You may have heard that MTV is launching a new show called White People. You also may have heard that, because of this, the entire country is inflamed about the issue of race and racism.
The trailer for White People (available on YouTube) has been slammed as “racist” and “white guilt-tripping” on major news networks, has received an overwhelming majority of thumbs-down votes on YouTube, and has garnered over 9,700 impassioned comments in just two days.
So what is this show? It is a documentary in which journalist Jose Antonio Vargas explores what it means to be White in America “with the goal of starting some real and honest conversations in a thoughtful, judgment-free environment.”
Why does this offend so many people? Two big reasons.
First reason: mainstream Americans like to believe we’re all color-blind.
“What is this ‘race’ thing? Why do we need to talk about it? Aren’t we like, so done with this obsolete 19th-Century concept? What does the color of my skin have to do with anything?”
The most glaring problem with White People is that it contradicts one of mainstream America’s most cherished dogmas: the dogma of color-blindness. This is the belief that race no longer affects American lives, that people who act on racial prejudices are a sad and pitiable few, and, in an optimistic mindset, that any “racial” disadvantage can be overcome with self-confidence and doggedness of spirit.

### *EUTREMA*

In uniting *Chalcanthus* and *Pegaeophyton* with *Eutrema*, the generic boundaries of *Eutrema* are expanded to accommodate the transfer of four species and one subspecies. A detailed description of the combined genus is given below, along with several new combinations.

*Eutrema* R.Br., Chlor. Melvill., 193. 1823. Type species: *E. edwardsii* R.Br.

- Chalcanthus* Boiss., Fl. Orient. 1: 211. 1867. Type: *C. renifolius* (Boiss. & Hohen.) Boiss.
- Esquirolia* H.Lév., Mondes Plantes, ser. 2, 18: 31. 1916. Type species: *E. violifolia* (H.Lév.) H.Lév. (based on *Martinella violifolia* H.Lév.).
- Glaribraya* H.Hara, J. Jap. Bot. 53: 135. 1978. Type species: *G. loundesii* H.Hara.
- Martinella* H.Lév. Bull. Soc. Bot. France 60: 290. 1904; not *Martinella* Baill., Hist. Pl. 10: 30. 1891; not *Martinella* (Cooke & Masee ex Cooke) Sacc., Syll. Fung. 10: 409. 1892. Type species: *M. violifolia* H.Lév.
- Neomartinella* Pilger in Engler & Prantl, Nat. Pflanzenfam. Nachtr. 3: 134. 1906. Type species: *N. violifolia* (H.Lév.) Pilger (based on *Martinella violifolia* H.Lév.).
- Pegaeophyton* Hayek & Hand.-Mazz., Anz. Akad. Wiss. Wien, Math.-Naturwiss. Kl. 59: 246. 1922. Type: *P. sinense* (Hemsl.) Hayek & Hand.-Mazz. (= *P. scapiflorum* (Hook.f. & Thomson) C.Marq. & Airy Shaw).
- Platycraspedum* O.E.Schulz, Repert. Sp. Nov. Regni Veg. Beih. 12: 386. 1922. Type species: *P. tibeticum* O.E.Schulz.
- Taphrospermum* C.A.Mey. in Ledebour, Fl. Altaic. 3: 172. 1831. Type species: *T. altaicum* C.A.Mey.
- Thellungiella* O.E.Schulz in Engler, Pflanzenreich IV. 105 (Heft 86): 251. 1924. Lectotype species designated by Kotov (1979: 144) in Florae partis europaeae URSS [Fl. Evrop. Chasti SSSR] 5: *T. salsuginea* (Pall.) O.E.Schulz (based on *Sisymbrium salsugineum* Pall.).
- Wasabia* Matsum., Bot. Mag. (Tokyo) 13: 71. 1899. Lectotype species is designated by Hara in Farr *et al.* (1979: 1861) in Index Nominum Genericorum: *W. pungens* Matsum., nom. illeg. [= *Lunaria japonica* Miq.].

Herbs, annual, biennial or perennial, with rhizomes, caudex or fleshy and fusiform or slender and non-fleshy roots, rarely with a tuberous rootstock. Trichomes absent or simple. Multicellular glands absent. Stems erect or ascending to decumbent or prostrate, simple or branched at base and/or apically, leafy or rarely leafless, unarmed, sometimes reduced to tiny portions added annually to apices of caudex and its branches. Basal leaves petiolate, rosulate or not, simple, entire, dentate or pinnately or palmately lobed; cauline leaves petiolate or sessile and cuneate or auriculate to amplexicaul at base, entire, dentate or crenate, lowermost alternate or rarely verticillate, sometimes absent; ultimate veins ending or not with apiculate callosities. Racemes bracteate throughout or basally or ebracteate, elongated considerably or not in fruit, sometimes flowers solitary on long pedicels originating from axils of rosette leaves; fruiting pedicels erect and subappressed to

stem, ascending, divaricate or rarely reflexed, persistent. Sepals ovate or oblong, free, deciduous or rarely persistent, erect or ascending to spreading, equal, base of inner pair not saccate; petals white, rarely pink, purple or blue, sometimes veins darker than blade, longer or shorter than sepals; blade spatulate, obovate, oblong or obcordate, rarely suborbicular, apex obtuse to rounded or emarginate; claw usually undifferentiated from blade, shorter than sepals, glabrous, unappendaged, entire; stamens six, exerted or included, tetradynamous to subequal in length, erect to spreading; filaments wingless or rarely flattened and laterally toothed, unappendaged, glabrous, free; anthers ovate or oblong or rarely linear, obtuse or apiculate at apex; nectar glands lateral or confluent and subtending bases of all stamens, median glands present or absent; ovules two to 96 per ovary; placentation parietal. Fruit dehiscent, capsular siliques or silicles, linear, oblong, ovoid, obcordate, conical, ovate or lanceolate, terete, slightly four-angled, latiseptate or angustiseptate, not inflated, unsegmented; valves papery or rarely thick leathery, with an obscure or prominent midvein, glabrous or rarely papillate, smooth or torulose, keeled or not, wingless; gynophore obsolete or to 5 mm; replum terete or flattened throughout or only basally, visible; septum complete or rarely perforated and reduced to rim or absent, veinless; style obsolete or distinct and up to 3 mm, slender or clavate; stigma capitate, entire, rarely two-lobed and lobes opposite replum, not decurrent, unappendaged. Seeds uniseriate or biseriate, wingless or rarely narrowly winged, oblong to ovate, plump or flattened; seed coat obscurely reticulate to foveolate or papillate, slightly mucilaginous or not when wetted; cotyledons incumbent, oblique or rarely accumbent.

White People sends the opposite message: race matters. This infuriates White America in the same way that a staunchly agnostic TV show might incite the indignation of fanatical theists. It asks the forbidden questions, it utters the forbidden words, and it destroys the one condition that is most fundamental to racial power: silence.
Second reason: it threatens privilege.
This right to be silent on racial issues is one aspect of White privilege that White people clutch with—excuse the pun—white knuckles. This is because silence protects privilege from the difficult conversations that force it to be vulnerable. MTV’s new show White People is intimidating precisely because it subjects those privileged people to the same terrifying vulnerability that the racially underprivileged face every day. The conversation is a great equalizer in that way.
Why am I excited for this show?
What makes this show so sickening for White America is the same thing that makes it a boon for social progress. White People promises to make White people feel “uncomfortable.” For any kind of progress, some degree of unrest is an obvious prerequisite. But what I really love about this show, at least the sense I get from the trailer, is that it promises to help White people process these feelings—not just leave them to wallow in White guilt, which would be counterproductive.
In an ideal world, people would still have privilege. But they would see it, and they would use it for the common good.
What does it really mean to be young and White in America? I’m going to tune in to MTV later this month to find out.